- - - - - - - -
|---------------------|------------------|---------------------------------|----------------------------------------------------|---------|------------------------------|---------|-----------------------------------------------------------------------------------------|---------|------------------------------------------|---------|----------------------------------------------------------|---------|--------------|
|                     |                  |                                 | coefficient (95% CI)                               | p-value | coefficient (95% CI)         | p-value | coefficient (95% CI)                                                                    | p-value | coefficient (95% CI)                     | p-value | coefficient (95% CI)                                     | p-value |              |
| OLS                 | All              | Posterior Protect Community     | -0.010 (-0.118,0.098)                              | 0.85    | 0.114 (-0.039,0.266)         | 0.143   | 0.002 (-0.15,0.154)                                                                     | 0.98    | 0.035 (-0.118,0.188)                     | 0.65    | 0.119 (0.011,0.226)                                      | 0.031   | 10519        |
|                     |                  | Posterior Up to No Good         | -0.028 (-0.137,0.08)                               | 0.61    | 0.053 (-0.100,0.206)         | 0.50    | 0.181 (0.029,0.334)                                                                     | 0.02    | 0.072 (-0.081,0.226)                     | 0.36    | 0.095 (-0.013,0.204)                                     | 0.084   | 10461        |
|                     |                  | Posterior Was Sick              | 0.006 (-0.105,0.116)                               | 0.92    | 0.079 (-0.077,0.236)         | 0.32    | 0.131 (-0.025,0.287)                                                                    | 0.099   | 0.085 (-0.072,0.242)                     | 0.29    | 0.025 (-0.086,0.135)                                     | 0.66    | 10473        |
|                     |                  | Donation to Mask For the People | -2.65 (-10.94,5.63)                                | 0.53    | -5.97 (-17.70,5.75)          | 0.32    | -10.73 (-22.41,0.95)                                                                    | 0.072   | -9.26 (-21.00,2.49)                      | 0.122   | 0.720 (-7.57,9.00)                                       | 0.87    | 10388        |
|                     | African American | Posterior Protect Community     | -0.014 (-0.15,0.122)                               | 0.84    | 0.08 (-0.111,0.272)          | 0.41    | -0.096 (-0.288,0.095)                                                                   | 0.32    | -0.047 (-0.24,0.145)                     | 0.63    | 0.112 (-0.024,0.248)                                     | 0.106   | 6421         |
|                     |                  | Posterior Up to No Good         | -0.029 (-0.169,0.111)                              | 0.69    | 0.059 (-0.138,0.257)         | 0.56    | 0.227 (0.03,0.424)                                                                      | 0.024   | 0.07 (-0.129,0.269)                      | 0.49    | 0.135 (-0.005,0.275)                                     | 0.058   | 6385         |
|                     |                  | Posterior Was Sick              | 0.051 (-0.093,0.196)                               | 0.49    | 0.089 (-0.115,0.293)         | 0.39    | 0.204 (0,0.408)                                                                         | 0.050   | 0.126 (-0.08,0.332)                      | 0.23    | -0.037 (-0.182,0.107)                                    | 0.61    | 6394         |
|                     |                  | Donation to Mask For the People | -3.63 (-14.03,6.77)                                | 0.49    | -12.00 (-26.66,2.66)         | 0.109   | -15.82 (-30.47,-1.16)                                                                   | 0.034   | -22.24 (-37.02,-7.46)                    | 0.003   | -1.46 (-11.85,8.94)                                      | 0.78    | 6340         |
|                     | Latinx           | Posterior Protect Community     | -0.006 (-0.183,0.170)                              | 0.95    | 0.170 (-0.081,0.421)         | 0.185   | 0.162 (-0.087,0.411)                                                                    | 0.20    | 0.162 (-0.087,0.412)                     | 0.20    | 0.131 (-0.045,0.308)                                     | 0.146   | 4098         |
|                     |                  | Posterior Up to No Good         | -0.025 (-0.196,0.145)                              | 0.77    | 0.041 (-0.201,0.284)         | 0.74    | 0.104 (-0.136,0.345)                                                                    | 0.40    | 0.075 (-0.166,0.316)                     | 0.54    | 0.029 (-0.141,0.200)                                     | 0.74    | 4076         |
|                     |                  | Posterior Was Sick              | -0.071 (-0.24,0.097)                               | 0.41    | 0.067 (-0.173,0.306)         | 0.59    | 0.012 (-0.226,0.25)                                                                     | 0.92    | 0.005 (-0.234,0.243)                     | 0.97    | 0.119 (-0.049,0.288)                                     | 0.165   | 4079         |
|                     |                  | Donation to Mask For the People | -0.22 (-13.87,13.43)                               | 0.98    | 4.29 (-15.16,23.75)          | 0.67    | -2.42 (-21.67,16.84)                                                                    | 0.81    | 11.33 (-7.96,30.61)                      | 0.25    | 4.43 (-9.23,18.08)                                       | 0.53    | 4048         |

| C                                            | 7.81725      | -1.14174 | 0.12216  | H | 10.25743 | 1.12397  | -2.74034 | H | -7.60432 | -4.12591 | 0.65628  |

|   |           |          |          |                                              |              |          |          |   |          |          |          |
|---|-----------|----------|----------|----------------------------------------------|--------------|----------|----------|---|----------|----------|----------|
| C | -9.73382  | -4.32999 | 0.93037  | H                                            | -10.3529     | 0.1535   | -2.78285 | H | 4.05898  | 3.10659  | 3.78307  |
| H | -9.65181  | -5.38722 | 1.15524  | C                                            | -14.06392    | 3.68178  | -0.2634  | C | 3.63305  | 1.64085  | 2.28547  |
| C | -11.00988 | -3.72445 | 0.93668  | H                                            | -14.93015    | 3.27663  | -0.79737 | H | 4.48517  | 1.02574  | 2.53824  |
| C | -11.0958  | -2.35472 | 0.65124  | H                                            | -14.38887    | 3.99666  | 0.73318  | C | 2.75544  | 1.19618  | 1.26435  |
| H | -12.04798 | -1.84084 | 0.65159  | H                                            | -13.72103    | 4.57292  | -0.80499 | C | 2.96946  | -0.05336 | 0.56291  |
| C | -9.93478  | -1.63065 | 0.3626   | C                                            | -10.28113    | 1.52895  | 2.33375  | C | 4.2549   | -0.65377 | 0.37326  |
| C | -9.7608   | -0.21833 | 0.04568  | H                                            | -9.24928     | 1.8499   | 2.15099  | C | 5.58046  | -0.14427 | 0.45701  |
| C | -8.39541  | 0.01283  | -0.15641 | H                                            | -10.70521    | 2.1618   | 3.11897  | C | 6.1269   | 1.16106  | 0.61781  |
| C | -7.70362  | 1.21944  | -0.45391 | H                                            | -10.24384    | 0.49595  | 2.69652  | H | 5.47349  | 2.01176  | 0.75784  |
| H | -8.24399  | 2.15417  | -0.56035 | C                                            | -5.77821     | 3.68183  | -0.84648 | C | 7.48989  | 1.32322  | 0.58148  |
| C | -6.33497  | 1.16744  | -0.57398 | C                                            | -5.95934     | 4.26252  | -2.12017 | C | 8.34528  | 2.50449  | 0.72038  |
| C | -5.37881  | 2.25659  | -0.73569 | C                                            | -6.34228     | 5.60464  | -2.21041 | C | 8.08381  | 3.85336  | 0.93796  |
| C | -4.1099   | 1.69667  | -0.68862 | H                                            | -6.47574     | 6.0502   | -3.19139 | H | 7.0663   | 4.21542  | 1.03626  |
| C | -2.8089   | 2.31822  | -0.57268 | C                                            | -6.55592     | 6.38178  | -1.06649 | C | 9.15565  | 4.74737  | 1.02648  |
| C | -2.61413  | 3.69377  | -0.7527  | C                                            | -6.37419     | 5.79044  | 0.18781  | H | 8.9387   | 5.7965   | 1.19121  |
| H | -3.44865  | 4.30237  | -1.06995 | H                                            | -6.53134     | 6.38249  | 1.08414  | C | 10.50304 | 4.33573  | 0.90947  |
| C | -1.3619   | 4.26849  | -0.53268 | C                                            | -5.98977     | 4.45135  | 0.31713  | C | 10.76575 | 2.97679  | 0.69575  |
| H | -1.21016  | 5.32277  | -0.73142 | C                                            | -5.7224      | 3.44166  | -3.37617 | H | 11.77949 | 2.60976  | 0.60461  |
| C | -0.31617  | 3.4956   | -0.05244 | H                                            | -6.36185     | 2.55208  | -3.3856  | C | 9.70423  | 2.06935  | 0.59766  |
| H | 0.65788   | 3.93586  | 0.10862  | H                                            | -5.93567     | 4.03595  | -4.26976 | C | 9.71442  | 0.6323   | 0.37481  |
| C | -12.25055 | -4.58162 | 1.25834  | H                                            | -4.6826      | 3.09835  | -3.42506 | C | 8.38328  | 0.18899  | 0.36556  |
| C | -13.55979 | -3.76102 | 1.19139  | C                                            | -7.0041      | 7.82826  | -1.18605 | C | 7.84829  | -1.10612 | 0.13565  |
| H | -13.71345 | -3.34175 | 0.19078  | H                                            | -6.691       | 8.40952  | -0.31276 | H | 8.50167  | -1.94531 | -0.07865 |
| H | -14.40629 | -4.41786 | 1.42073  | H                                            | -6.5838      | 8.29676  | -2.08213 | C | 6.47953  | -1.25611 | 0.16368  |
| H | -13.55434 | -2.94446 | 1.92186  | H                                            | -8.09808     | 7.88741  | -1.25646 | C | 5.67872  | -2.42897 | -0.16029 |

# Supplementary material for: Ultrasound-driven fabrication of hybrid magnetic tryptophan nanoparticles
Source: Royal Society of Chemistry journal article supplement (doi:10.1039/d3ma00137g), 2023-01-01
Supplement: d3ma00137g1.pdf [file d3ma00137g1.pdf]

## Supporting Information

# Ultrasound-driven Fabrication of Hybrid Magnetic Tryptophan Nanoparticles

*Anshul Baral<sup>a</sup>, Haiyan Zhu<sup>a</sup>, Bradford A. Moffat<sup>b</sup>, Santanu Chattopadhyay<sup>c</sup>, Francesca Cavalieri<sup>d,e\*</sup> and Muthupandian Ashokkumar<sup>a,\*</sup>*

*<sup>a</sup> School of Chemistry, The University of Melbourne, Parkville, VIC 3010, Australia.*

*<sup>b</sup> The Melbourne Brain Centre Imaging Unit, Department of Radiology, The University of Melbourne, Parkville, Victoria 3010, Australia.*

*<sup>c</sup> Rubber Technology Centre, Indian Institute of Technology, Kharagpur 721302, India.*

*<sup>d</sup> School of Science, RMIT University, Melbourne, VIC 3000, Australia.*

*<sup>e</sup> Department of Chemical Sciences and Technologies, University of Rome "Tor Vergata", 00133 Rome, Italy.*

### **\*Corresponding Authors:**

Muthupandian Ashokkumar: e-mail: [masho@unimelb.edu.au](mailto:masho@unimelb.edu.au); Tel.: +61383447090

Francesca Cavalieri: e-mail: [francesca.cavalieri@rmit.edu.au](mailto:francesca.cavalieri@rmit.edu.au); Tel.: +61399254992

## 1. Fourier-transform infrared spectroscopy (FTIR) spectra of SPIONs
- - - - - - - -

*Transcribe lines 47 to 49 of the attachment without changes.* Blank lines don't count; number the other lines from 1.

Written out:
# Ultrasound-driven Fabrication of Hybrid Magnetic Tryptophan Nanoparticles

*Anshul Baral<sup>a</sup>, Haiyan Zhu<sup>a</sup>, Bradford A. Moffat<sup>b</sup>, Santanu Chattopadhyay<sup>c</sup>, Francesca Cavalieri<sup>d,e\*</sup> and Muthupandian Ashokkumar<sup>a,\*</sup>*

*<sup>a</sup> School of Chemistry, The University of Melbourne, Parkville, VIC 3010, Australia.*